21. Please provide links to any firm website, blogs, reputable trade publications, or attorneys that would help others understand the state of the law in your jurisdictions.

    A. Are there any relevant trade organizations?

    B. Are there any relevant lobbying organizations?

    Cannabis in Germany. What is the marijuana situation in this country?

    Marijuana use in Germany is illegal. However, as in other European Union countries, using Cannabis in small quantities is permitted. Despite the fact that a large part of society is seeking marijuana use and cultivation decriminalisation in Germany, there are still many voices against it.

    In today’s article here we will analyse Germany’s marijuana situation through some key points that you can find in the table of contents below.

    Table of contents:

    Possession and Use of Marijuana in Germany

    In Germany it is illegal to consume marijuana. This country has a Federal Narcotics Act which makes marijuana possession punishable by up to five years in prison. However, the use of marijuana in Germany is not a crime and the legal framework in Germany favours people who have been found with a small amount of marijuana can undergo treatment instead of punishment.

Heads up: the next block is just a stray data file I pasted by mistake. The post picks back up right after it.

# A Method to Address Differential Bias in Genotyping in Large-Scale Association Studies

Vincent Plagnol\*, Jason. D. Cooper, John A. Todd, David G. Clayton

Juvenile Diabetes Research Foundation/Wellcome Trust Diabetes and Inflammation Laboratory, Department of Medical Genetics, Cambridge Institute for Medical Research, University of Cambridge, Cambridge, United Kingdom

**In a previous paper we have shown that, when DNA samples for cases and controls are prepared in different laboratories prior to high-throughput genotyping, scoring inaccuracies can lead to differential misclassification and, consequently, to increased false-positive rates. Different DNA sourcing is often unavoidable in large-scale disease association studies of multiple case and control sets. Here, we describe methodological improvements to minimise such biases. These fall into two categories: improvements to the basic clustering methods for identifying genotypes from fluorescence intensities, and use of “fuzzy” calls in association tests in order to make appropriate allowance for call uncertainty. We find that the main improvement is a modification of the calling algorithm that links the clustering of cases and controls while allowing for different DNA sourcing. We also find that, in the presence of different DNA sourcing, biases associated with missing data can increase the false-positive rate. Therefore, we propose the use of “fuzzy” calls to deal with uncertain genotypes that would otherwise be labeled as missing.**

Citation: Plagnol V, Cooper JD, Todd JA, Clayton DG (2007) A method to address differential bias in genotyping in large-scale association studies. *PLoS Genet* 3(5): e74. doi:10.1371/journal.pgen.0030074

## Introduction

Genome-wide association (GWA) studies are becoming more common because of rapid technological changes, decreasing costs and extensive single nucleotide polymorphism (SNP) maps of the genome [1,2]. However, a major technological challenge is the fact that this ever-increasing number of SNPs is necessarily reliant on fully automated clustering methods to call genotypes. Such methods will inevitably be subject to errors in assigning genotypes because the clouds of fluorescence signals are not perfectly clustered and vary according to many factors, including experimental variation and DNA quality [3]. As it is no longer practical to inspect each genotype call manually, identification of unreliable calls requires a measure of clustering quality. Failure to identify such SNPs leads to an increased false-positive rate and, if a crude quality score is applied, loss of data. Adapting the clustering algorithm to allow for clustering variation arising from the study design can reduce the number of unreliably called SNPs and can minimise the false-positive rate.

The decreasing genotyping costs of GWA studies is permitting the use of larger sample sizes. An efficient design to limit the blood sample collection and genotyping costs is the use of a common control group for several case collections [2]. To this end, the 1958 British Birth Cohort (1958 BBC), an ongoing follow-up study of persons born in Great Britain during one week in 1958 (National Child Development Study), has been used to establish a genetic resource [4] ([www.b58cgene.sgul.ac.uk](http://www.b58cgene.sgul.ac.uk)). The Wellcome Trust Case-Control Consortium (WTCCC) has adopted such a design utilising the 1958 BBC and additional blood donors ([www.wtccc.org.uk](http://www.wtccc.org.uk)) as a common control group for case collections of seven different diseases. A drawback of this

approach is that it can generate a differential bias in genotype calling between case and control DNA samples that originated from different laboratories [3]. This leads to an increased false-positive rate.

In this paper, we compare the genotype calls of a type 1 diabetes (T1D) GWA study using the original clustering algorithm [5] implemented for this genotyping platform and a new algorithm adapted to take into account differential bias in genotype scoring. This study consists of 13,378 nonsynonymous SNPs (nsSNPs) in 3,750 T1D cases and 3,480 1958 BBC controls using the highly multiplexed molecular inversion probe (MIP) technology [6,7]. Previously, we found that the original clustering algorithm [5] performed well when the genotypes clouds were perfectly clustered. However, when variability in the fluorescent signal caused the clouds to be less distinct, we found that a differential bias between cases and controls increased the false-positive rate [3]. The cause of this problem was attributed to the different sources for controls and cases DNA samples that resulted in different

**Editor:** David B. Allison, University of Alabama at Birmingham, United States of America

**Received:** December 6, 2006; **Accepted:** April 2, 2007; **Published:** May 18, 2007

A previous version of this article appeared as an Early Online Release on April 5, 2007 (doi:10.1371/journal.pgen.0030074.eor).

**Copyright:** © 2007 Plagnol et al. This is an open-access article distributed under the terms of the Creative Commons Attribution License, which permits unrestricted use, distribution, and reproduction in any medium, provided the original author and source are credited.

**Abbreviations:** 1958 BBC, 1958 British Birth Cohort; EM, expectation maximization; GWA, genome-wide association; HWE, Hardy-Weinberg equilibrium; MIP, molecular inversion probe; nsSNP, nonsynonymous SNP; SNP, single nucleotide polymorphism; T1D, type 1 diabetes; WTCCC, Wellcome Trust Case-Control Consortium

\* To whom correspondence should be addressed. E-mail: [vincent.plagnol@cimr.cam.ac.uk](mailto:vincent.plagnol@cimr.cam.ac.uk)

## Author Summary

However, in Germany, the latter will always depend on the background of the person from whom the marijuana has been seized. Thus, facts such as third parties involvement in seizures or recidivism are essential in this country to distinguish between a sanction, criminal proceedings or a simple rehabilitation process.

    As for marijuana possession in Germany, it is regulated by the so-called “small amount of Cannabis“. By carrying a small quantity of marijuana, the user can justify that it is his own private use and will not market to others.

    But what is a “small amount of Cannabis in Germany”? This depends on the federal statewhere we are. Also, it is power and weight determines too which quantity is small and intended for self-consumption and which is not. For example, an amount of 7.5 grams of marijuana with THC or less would be considered small amounts of marijuana in Germany.